A Christian garden: growing more in our faith

Timothy Walch reviews “A Garden Catechism” by Margaret Rose Realy, Obl OSB.

By Tim Walch
Book Review

“A Garden Catechism: 100 Plants in Christian Tradition and How to Grow Them.”  By Margaret Rose Realy, Obl OSB, Illustrated by Mary Sprague.  Our Sunday Visitor, 2022, 333 pp. $34.95.


“The earth shall be filled with knowledge of the Lord.” This passage from Isaiah (11:9) begins a beautiful book that will be valued by anyone who sees the wonder of God’s work and the wisdom of Christianity in flowers, trees and other plants.

Author Margaret Rose Realy, a Benedictine Oblate and an advanced master gardener, has a gift for combining Christian traditions with practical advice on growing a wide variety of plants. She has channeled her skills into this book and a wide variety of other publications.


“A Garden Catechism” focuses on creating faith-based gardens that are more than landscaping. As noted in the subtitle, Realy focuses on a hundred plants, most of them flowers. Not to be overlooked is the practical advice on how to grow and maintain these plants.

Some readers may be curious about the title. “A catechism,” Realy notes in her preface, “is a way of teaching the Faith that strengthens the bonds of unity in our Church and, according to the Catechism of the Catholic Church, enlivens the faith of the People of God.” Realy reaches this goal by showing us all how plants reflect our faith.

The book is divided into chapters on flowers, herbs and edibles, grasses, trees and shrubs. Practical sections on gardening basics, supplemental Catholicism and an introduction to prayer gardens are among the offerings. The book concludes with reference charts, a bibliography and an index.

Each of the four chapters on plants are arranged alphabetically. The first entry in the chapter on flowers, for example, begins with “Anemone” and ends with “Yarrow.” For each plant, Realy offers a section on the Christian references to each plant and a second section on the growing culture for that plant. Just as important, each entry features a beautiful illustration by Mary Sprague.

Realy was almost born to preach the gospel in the garden. “Flowers had been a part of my childhood,” she writes in her introduction. “Plants and nature defined who I was and brought me great happiness.”

As her love and understanding of nature matured, she also grew in her faith. “I soon realized that there was a need to instruct the faithful in how to connect the Creator through his creation and historiated Christian symbolism.” Her work has guided the faithful in determining what garden elements would lead them into contemplation and prayer.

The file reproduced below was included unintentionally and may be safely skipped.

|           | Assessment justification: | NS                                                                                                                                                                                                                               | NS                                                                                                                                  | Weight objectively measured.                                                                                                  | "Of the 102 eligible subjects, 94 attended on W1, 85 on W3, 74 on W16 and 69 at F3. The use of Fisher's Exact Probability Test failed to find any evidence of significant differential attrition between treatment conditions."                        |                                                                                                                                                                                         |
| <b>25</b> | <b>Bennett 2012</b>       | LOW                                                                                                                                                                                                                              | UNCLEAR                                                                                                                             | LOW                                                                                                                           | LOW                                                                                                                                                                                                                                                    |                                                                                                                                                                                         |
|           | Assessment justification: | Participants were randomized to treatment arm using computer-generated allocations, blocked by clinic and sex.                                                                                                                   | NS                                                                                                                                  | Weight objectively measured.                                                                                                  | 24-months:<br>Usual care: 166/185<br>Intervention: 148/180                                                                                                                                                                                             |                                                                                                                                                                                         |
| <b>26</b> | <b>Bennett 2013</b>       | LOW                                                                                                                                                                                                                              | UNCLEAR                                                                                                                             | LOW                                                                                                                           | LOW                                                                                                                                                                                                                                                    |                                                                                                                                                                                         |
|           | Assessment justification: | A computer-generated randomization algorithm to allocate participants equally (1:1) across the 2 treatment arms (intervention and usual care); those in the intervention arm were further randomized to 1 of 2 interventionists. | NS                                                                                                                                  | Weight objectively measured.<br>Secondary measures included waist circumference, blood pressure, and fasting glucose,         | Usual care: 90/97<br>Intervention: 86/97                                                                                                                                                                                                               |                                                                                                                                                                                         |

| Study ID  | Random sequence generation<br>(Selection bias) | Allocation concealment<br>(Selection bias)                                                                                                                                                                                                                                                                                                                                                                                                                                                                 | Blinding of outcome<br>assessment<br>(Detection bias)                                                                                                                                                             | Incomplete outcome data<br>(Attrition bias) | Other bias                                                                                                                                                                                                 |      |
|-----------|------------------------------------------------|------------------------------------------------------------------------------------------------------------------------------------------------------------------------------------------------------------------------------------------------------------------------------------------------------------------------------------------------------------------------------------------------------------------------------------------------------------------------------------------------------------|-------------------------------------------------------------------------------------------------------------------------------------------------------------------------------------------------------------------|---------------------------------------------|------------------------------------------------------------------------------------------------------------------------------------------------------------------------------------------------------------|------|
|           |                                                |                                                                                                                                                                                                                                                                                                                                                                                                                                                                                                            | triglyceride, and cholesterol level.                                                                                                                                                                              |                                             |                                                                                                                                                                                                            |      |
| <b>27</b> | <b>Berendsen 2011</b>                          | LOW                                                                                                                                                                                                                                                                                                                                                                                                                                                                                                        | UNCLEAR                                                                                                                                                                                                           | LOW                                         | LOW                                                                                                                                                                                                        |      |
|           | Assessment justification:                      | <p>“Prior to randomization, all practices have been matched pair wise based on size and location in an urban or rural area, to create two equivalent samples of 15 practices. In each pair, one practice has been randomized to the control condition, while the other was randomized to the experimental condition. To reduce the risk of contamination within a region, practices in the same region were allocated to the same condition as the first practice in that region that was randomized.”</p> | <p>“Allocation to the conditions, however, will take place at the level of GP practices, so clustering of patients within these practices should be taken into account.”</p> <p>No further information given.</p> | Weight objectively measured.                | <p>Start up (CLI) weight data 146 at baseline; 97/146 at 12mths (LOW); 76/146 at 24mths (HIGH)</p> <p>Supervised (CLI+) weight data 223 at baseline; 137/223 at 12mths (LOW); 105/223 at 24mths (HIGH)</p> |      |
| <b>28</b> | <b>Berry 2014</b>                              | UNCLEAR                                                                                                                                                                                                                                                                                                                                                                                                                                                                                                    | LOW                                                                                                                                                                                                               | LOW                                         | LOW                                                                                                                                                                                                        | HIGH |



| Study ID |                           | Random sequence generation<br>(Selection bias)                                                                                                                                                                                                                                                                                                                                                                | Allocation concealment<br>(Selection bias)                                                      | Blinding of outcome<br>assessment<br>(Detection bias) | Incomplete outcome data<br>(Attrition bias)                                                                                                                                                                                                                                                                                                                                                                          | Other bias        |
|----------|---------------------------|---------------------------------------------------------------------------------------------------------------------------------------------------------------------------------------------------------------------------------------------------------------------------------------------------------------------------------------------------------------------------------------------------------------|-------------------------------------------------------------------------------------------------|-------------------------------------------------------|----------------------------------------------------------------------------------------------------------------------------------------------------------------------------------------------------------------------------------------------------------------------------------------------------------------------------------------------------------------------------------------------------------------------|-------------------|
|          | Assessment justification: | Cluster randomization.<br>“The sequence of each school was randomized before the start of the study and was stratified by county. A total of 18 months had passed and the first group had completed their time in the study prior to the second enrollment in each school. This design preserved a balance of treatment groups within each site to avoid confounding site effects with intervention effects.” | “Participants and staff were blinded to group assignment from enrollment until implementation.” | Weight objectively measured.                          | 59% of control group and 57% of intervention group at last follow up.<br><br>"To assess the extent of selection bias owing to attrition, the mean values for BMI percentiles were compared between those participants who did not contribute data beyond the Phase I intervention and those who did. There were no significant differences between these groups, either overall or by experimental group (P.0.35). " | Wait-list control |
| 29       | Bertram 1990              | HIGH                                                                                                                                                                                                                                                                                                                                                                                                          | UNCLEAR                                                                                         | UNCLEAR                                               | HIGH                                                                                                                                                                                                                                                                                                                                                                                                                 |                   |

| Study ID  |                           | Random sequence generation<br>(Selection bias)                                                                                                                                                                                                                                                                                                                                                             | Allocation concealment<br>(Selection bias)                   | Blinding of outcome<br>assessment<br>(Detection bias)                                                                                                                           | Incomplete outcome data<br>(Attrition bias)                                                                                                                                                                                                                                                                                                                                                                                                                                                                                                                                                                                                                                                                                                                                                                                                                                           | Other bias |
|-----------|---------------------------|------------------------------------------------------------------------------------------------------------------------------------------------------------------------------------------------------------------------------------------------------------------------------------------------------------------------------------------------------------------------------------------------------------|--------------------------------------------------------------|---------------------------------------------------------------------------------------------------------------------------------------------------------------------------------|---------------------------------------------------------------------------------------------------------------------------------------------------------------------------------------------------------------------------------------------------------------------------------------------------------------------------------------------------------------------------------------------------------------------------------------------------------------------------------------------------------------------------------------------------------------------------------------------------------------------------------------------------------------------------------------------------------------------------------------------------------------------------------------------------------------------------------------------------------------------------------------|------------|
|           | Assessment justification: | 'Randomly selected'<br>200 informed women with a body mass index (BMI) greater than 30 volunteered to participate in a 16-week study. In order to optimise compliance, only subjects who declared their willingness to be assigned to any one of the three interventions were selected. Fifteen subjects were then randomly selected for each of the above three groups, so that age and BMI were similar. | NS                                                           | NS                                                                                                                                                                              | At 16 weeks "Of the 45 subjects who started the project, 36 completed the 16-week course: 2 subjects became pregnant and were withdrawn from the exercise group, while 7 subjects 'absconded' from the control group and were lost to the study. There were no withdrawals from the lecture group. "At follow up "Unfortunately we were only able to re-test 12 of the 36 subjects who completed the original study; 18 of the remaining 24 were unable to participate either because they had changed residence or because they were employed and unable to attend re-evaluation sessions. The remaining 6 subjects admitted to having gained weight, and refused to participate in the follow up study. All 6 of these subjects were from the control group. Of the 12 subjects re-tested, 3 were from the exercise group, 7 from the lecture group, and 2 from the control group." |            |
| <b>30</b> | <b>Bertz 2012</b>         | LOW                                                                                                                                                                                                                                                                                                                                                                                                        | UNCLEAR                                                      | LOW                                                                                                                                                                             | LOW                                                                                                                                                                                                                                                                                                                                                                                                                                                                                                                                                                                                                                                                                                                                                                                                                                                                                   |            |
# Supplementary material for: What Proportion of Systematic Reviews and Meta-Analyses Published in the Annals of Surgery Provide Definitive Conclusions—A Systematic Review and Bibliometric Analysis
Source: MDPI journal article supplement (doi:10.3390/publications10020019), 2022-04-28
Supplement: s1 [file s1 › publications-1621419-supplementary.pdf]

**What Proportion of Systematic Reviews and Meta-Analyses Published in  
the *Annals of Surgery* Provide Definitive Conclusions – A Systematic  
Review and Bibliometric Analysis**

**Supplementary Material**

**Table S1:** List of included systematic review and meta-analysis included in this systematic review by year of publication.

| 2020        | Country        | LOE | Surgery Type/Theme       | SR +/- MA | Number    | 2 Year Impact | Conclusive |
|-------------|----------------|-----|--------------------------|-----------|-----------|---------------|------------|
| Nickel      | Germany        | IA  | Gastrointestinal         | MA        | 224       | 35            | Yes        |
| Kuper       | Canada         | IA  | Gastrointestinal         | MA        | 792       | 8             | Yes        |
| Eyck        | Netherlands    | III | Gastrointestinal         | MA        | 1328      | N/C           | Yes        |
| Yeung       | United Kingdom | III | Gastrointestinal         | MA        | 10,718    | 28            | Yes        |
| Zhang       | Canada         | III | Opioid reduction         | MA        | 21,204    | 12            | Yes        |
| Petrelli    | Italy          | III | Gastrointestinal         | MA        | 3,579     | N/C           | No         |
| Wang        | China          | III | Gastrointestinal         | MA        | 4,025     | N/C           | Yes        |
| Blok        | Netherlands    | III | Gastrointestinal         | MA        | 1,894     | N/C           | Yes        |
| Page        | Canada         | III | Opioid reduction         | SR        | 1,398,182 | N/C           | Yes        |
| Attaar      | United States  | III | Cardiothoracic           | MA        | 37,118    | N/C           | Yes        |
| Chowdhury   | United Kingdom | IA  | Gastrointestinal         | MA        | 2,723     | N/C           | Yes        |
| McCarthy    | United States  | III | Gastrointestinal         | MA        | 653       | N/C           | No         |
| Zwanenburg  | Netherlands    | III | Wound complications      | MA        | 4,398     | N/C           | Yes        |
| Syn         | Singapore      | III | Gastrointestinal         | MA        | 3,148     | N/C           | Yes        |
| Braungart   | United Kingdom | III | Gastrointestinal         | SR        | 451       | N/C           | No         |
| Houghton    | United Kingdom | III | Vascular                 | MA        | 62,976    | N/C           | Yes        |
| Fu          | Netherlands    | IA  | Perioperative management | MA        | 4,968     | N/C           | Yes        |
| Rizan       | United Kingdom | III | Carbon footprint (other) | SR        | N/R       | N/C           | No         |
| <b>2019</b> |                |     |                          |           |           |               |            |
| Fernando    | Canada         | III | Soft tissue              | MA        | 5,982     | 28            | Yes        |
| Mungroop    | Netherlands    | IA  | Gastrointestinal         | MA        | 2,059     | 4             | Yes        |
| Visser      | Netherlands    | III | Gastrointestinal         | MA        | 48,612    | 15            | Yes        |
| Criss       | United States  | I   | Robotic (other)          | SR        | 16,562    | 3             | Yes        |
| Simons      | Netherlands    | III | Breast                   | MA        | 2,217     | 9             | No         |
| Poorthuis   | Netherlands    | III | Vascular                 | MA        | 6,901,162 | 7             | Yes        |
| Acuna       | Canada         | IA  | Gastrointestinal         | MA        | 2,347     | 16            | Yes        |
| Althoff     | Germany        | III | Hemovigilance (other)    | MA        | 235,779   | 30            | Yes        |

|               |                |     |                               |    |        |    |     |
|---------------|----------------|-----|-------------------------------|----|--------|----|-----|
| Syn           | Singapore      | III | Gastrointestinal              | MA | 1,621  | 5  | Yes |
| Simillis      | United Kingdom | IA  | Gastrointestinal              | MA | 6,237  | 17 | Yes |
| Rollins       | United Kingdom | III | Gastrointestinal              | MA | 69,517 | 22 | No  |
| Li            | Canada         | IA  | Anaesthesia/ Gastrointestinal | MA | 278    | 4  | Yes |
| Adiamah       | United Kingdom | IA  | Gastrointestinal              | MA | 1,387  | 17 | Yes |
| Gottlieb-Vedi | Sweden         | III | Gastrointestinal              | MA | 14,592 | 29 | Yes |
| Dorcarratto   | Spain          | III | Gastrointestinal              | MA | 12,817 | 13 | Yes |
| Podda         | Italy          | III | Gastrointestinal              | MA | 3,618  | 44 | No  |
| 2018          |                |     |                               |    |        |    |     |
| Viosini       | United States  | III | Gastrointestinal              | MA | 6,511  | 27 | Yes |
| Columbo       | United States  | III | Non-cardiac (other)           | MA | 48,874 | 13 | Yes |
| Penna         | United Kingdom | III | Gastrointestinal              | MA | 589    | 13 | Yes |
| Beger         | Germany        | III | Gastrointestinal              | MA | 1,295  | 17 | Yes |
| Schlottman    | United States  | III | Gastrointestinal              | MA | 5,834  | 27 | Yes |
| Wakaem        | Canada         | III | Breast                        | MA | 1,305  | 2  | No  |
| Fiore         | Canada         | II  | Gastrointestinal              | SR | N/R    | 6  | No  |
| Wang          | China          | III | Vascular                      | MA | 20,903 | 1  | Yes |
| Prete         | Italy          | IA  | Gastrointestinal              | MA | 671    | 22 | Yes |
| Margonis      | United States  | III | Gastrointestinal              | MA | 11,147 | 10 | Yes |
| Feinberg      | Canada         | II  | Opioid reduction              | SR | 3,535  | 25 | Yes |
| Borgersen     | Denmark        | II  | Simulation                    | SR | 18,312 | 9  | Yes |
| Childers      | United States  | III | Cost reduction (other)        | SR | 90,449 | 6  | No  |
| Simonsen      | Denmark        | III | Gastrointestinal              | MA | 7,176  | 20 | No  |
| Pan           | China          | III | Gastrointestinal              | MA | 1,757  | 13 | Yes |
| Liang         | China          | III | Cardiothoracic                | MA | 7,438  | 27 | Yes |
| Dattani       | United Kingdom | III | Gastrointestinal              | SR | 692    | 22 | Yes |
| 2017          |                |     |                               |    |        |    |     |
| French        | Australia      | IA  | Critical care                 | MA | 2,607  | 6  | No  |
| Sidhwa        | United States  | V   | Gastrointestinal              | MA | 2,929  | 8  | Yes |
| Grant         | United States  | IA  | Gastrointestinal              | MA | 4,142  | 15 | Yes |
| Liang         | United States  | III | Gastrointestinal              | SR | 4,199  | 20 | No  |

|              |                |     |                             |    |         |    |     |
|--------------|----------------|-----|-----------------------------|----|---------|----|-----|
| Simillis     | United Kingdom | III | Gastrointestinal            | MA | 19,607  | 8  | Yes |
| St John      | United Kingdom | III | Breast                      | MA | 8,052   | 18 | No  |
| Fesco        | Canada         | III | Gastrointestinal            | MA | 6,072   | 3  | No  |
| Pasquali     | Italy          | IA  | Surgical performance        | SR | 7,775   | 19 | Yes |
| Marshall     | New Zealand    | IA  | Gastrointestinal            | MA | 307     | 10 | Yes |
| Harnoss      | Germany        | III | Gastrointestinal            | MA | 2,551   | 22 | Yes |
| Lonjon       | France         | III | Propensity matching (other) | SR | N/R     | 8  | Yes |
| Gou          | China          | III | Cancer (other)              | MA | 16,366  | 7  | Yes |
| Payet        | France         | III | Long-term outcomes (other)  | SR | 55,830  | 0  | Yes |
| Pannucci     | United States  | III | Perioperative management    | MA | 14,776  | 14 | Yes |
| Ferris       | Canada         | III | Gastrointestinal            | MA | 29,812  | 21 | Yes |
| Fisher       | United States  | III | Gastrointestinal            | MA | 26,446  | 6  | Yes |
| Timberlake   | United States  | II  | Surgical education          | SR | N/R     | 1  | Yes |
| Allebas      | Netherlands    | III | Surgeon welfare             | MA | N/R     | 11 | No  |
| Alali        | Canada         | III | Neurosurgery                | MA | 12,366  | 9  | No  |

Realy stresses the natural synergy between faith and nature. “Spiritually dedicated gardens,” she writes, “are those that attend to the interior need of our heart, mind and soul, offering a place where both people and plants can grow.” Plants can be portals to drawing us closer to the Creator through his creations.

So how does a novice begin a spiritual garden? Realy offers a simplified way that emphasizes discernment, design, and development. For discernment, the new gardener needs to assess the environment and location of the new garden. Realy advises a space with privacy and shade.

On design, Realy uses a “three-by-three rule.” She advises that spiritual gardens find harmony when the plants come in three heights, three textures, and three colors. She also cautions gardeners to remember that the plants will transition through four seasons.

Finally, on development, Realy advises gardeners to begin with a conceptual map for the location of the plants and the icons to be featured. Begin where you enter the garden, decide where you will place statues or shrines, and then draw in the plants you have selected to fill out the garden.

The result will be satisfying beyond expectation — even if you are struggling with your own faith. In fact, in the words of Sherry Weddell, “the spiritual impact of nature — including the natural beauty in a garden — can be another bridge to faith in Jesus Christ for the unchurched and unbelievers.” And wouldn’t that be a wonderful thing for all of us.

(Timothy Walch is a lay director at St. Thomas Mare Parish in Coralville and a member of The  Catholic Messenger’s board of directors. He reviews books for the “Messenger” and other publications and is the author or editor of many books including “Irish Iowa” (2019).)

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